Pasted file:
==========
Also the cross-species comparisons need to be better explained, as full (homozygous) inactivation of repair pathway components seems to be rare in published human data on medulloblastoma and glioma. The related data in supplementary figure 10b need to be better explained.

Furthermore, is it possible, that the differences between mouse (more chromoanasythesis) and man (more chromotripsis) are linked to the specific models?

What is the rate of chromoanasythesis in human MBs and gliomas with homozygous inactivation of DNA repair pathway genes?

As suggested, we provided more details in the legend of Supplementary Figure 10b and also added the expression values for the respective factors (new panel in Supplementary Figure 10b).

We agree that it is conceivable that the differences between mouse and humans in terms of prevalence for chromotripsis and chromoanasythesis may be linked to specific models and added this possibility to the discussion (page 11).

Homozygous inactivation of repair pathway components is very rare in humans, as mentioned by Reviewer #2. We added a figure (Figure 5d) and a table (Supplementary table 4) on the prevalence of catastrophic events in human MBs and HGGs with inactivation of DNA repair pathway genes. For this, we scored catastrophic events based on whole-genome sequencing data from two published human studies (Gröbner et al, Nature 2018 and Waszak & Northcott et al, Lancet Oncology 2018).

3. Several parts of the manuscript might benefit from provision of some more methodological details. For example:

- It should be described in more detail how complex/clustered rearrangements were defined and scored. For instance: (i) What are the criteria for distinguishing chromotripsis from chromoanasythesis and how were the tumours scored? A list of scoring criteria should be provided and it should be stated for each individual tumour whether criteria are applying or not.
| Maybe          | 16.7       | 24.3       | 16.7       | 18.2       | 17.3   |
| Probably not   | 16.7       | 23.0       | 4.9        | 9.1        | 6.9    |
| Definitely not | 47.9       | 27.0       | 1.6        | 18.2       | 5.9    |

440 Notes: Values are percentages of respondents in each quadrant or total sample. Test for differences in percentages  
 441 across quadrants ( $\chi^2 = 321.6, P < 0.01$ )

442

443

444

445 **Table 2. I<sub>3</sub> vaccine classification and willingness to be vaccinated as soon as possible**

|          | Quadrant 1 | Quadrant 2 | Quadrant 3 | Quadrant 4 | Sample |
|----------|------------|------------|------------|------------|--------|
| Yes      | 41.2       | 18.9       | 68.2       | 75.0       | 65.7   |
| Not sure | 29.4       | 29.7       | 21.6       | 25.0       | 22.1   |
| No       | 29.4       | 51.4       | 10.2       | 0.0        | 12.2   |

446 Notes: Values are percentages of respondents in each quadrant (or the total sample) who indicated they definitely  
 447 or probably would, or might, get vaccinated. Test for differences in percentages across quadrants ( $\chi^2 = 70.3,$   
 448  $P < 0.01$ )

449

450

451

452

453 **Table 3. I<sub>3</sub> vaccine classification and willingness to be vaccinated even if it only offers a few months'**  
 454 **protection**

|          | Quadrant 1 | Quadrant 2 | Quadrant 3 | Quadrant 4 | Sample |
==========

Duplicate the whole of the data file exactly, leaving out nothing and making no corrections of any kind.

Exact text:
Also the cross-species comparisons need to be better explained, as full (homozygous) inactivation of repair pathway components seems to be rare in published human data on medulloblastoma and glioma. The related data in supplementary figure 10b need to be better explained.

Furthermore, is it possible, that the differences between mouse (more chromoanasythesis) and man (more chromotripsis) are linked to the specific models?

What is the rate of chromoanasythesis in human MBs and gliomas with homozygous inactivation of DNA repair pathway genes?

As suggested, we provided more details in the legend of Supplementary Figure 10b and also added the expression values for the respective factors (new panel in Supplementary Figure 10b).

We agree that it is conceivable that the differences between mouse and humans in terms of prevalence for chromotripsis and chromoanasythesis may be linked to specific models and added this possibility to the discussion (page 11).

Homozygous inactivation of repair pathway components is very rare in humans, as mentioned by Reviewer #2. We added a figure (Figure 5d) and a table (Supplementary table 4) on the prevalence of catastrophic events in human MBs and HGGs with inactivation of DNA repair pathway genes. For this, we scored catastrophic events based on whole-genome sequencing data from two published human studies (Gröbner et al, Nature 2018 and Waszak & Northcott et al, Lancet Oncology 2018).

3. Several parts of the manuscript might benefit from provision of some more methodological details. For example:

- It should be described in more detail how complex/clustered rearrangements were defined and scored. For instance: (i) What are the criteria for distinguishing chromotripsis from chromoanasythesis and how were the tumours scored? A list of scoring criteria should be provided and it should be stated for each individual tumour whether criteria are applying or not.
| Maybe          | 16.7       | 24.3       | 16.7       | 18.2       | 17.3   |
| Probably not   | 16.7       | 23.0       | 4.9        | 9.1        | 6.9    |
| Definitely not | 47.9       | 27.0       | 1.6        | 18.2       | 5.9    |

440 Notes: Values are percentages of respondents in each quadrant or total sample. Test for differences in percentages  
 441 across quadrants ( $\chi^2 = 321.6, P < 0.01$ )

442

443

444

445 **Table 2. I<sub>3</sub> vaccine classification and willingness to be vaccinated as soon as possible**

|          | Quadrant 1 | Quadrant 2 | Quadrant 3 | Quadrant 4 | Sample |
|----------|------------|------------|------------|------------|--------|
| Yes      | 41.2       | 18.9       | 68.2       | 75.0       | 65.7   |
| Not sure | 29.4       | 29.7       | 21.6       | 25.0       | 22.1   |
| No       | 29.4       | 51.4       | 10.2       | 0.0        | 12.2   |

446 Notes: Values are percentages of respondents in each quadrant (or the total sample) who indicated they definitely  
 447 or probably would, or might, get vaccinated. Test for differences in percentages across quadrants ( $\chi^2 = 70.3,$   
 448  $P < 0.01$ )

449

450

451

452

453 **Table 3. I<sub>3</sub> vaccine classification and willingness to be vaccinated even if it only offers a few months'**  
 454 **protection**

|          | Quadrant 1 | Quadrant 2 | Quadrant 3 | Quadrant 4 | Sample |